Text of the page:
Developers Just Want to Know if They Have a Problem
Developers just want to know if their code has a vulnerability before putting it into production. But often, the answer back from the security group — “more analysis is needed” — is not what the developer wants to hear.
“I’ve been saying that loud and clear: just tell [the developers] what’s wrong, rather than saying, ‘we found this from SAS, we found this from penetration tests, we found this from a manual review,'” said Meera Rao, senior director of product management at Synopsys, in this latest episode of The New Stack Makers podcast, hosted by Alex Williams, founder and publisher of The New Stack. “They shouldn’t care about that — they need to know that what we found is critical and this is how you need to fix it. That’s all they need to know.”
Developers Just Want To Know if They Have a Problem
Rao is the creator of a new intelligent orchestration technology that helps developers get their issues resolved without a long wait. That long wait is remedied by relying on Synopsys’ system to let developers know what’s wrong and whether specific security holes require immediate fixing or not.
As part of a more recent “shift left” security trend, the onerous of finding and fixing security issues in code in some cases wrongly fell on the developer team. In addition to adding more duties to their often overstretched workloads, developers had, consequently, less time to devote to their main work consisting of developing and updating applications. In many cases, they had to become de facto security experts.
“Everyone realized that you cannot expect your developers to learn every tool, every technology, every dashboard,” said Rao. “Now things have started to change slowly.”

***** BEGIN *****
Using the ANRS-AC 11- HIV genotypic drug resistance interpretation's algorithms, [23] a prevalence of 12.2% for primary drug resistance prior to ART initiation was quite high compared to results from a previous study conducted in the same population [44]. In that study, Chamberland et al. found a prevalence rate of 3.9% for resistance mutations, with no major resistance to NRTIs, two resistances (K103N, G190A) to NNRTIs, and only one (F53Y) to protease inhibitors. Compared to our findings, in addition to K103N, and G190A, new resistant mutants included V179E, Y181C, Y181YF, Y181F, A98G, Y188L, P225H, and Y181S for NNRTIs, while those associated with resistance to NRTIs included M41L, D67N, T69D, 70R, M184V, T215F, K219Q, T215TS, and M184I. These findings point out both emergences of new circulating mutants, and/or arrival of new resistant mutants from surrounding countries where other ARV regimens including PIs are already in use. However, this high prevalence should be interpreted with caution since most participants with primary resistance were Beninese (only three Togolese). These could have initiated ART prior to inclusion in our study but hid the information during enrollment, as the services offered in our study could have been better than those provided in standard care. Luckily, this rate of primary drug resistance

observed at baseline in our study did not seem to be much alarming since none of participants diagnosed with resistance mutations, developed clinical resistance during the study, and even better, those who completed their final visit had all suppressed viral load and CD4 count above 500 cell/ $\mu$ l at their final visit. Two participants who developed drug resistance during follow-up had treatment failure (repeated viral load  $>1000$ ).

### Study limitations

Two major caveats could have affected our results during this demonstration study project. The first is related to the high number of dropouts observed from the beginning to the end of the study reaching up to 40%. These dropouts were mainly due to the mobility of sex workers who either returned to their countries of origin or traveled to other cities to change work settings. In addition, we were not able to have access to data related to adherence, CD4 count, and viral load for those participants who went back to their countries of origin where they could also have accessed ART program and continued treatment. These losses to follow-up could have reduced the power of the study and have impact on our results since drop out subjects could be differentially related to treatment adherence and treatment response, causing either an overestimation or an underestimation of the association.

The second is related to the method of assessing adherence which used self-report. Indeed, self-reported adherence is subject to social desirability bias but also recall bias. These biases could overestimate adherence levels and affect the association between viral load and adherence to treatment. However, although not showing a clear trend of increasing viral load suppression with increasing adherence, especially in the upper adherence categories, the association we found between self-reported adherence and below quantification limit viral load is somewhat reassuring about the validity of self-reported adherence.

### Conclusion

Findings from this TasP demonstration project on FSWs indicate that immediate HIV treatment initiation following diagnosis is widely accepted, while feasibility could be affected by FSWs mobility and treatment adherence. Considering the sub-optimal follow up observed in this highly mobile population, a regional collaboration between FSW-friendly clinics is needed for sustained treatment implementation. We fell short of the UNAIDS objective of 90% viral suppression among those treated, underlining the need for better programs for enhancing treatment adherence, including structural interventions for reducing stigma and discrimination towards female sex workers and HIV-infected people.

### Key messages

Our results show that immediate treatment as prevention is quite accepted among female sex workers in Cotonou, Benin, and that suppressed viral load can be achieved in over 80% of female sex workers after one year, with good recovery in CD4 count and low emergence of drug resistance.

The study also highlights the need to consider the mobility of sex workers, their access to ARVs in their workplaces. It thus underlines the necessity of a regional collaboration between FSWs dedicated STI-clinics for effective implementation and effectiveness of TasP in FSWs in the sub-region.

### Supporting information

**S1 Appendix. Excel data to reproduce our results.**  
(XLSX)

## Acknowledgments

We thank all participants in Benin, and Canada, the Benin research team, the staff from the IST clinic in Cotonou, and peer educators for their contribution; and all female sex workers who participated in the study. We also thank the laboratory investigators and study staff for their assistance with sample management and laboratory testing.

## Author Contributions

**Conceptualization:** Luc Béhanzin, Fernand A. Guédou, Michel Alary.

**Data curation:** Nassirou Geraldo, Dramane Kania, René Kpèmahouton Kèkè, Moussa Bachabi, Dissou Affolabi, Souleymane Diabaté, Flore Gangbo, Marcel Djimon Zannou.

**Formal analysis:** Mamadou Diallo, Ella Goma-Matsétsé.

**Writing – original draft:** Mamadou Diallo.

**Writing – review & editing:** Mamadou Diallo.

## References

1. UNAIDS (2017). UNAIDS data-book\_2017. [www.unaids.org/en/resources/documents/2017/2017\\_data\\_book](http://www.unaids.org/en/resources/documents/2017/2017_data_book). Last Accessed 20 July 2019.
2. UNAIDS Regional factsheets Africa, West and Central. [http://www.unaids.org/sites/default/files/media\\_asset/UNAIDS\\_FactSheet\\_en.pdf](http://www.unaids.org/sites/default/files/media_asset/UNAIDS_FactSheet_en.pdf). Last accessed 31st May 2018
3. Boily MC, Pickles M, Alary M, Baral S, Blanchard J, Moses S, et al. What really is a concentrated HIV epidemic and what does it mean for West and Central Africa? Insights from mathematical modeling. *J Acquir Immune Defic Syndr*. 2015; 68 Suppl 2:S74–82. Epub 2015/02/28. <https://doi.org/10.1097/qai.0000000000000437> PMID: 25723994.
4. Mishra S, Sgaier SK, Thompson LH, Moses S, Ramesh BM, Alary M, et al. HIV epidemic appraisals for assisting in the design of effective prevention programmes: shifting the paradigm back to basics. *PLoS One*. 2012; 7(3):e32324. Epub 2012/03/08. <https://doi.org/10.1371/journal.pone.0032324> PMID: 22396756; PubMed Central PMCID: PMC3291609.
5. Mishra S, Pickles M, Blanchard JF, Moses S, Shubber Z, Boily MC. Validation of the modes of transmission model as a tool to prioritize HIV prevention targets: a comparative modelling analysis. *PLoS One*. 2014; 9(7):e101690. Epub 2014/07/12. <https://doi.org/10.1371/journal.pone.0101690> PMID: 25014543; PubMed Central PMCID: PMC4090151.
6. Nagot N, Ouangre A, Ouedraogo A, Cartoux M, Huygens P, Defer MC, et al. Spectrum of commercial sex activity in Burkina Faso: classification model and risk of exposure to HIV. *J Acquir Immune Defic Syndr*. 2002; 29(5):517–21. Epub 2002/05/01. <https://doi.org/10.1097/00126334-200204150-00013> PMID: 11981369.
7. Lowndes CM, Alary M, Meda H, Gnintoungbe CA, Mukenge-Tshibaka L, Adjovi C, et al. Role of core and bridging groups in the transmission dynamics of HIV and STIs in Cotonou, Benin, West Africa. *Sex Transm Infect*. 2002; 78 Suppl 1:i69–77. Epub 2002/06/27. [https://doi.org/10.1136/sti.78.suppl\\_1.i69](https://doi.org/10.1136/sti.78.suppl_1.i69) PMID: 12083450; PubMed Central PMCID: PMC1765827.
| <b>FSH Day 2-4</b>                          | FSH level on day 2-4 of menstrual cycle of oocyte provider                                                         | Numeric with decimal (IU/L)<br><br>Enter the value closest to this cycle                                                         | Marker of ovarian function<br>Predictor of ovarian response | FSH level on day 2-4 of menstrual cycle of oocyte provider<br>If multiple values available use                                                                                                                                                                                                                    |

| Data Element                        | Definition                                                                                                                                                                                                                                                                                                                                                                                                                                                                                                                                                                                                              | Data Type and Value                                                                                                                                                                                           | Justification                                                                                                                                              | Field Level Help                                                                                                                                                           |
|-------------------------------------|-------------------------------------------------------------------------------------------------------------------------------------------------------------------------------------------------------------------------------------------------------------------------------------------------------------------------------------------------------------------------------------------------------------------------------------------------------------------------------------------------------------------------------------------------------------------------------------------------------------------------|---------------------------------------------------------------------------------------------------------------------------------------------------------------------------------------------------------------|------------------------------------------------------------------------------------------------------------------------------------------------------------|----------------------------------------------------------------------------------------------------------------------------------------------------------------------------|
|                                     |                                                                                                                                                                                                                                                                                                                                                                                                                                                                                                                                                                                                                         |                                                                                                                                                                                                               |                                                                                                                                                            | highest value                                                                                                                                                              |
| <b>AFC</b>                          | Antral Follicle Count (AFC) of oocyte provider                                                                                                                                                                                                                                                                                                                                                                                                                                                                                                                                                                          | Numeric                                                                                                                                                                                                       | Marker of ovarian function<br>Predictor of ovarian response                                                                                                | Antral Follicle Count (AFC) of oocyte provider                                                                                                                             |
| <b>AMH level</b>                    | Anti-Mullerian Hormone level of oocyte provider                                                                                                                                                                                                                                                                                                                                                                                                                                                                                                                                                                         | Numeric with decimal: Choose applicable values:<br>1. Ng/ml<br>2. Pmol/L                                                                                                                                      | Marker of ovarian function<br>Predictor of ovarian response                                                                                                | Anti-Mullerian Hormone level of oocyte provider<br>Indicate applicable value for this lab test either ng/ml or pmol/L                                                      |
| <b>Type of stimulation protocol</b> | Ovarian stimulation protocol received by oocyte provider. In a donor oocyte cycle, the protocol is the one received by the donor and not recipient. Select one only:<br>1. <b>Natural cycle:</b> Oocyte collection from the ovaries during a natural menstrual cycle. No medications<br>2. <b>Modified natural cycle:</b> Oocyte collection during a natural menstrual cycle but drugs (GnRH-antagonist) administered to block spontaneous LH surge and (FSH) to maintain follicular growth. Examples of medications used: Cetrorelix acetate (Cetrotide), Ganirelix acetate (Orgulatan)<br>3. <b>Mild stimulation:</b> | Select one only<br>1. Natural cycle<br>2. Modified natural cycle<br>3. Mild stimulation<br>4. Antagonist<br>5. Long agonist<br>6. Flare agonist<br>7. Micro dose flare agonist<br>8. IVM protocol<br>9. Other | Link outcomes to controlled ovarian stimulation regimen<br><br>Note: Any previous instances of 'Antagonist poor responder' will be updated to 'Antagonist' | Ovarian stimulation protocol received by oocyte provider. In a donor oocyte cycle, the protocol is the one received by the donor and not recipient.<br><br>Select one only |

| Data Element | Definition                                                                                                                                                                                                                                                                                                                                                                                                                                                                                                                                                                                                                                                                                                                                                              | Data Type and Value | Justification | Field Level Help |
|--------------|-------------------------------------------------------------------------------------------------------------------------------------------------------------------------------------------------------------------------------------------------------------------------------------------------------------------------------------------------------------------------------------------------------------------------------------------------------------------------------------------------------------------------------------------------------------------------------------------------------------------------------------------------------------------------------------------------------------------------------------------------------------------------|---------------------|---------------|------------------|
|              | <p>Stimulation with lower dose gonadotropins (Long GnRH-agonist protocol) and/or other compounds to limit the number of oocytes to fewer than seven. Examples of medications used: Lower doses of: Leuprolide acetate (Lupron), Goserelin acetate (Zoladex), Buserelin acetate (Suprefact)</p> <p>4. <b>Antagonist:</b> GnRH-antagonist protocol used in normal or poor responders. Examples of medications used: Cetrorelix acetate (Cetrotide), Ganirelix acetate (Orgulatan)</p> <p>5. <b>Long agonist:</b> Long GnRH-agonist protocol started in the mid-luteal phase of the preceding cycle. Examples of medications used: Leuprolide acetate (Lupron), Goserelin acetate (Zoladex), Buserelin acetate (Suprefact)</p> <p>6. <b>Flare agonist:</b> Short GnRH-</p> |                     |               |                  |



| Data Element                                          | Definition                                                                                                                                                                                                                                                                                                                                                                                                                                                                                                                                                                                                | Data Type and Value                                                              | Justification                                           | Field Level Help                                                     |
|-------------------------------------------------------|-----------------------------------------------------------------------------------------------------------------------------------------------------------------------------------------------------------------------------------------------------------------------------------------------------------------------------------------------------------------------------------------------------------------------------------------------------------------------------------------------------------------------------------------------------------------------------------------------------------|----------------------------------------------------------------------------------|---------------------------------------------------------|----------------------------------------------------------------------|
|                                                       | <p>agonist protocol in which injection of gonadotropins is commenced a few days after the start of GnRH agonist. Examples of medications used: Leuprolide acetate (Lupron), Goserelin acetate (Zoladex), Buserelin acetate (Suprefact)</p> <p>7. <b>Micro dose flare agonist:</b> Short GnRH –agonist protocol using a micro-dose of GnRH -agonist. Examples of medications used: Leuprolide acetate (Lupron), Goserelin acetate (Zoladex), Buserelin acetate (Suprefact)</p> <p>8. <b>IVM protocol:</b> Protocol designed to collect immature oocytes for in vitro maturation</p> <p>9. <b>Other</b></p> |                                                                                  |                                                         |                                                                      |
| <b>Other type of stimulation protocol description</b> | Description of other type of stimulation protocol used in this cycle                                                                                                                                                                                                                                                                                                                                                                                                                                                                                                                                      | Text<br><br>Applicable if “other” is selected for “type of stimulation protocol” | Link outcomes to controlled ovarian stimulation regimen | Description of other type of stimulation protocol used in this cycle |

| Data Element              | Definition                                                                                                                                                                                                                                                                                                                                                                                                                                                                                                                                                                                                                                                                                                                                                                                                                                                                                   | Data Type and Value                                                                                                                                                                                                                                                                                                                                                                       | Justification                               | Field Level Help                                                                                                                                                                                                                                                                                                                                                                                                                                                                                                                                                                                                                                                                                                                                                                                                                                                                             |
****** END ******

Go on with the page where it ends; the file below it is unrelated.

More recently, as operations teams in well-functioning DevOps began to lend more support to continuous integration/continuous delivery (CI/CD) to help add speed to the development-to-deploy cycle, teams tasked with security-only duties began to emerge. Unfortunately, in many cases, this structure created a dynamic in which the security teams were seen as the “bad guys,” by slowing down the development cycle when security issues emerged.
“But we — as in the security industry — were the ones creating all the friction,” said Rao.
It soon became apparent that security teams and tools needed to do better.
“Can you always keep spending, reinventing the same pipelines without providing the abstraction that the developers need? Developers don’t care what tool you ran, what analysis you ran, how deep did you run the analysis,” said Rao. “They just want to know: do I have a critical or a high vulnerability that I need to fix right now? Yes or no?”
In practical terms, this means allowing developers to use Synopsys’ intelligent orchestration technology to determine whether a security vulnerability is critical or not, and if it is, how to fix it and then how to merge the fix with the main branch. This is accomplished with the use of a “simple API” that might just result in a “one-line change” to the release pipeline without any disruption.
The tool helps to determine “what activities to run, what activities to skip and what should be the depth of the activity that needs to happen,” said Rao. “So, we have a balance of automated activities versus manual activities in the pipeline.”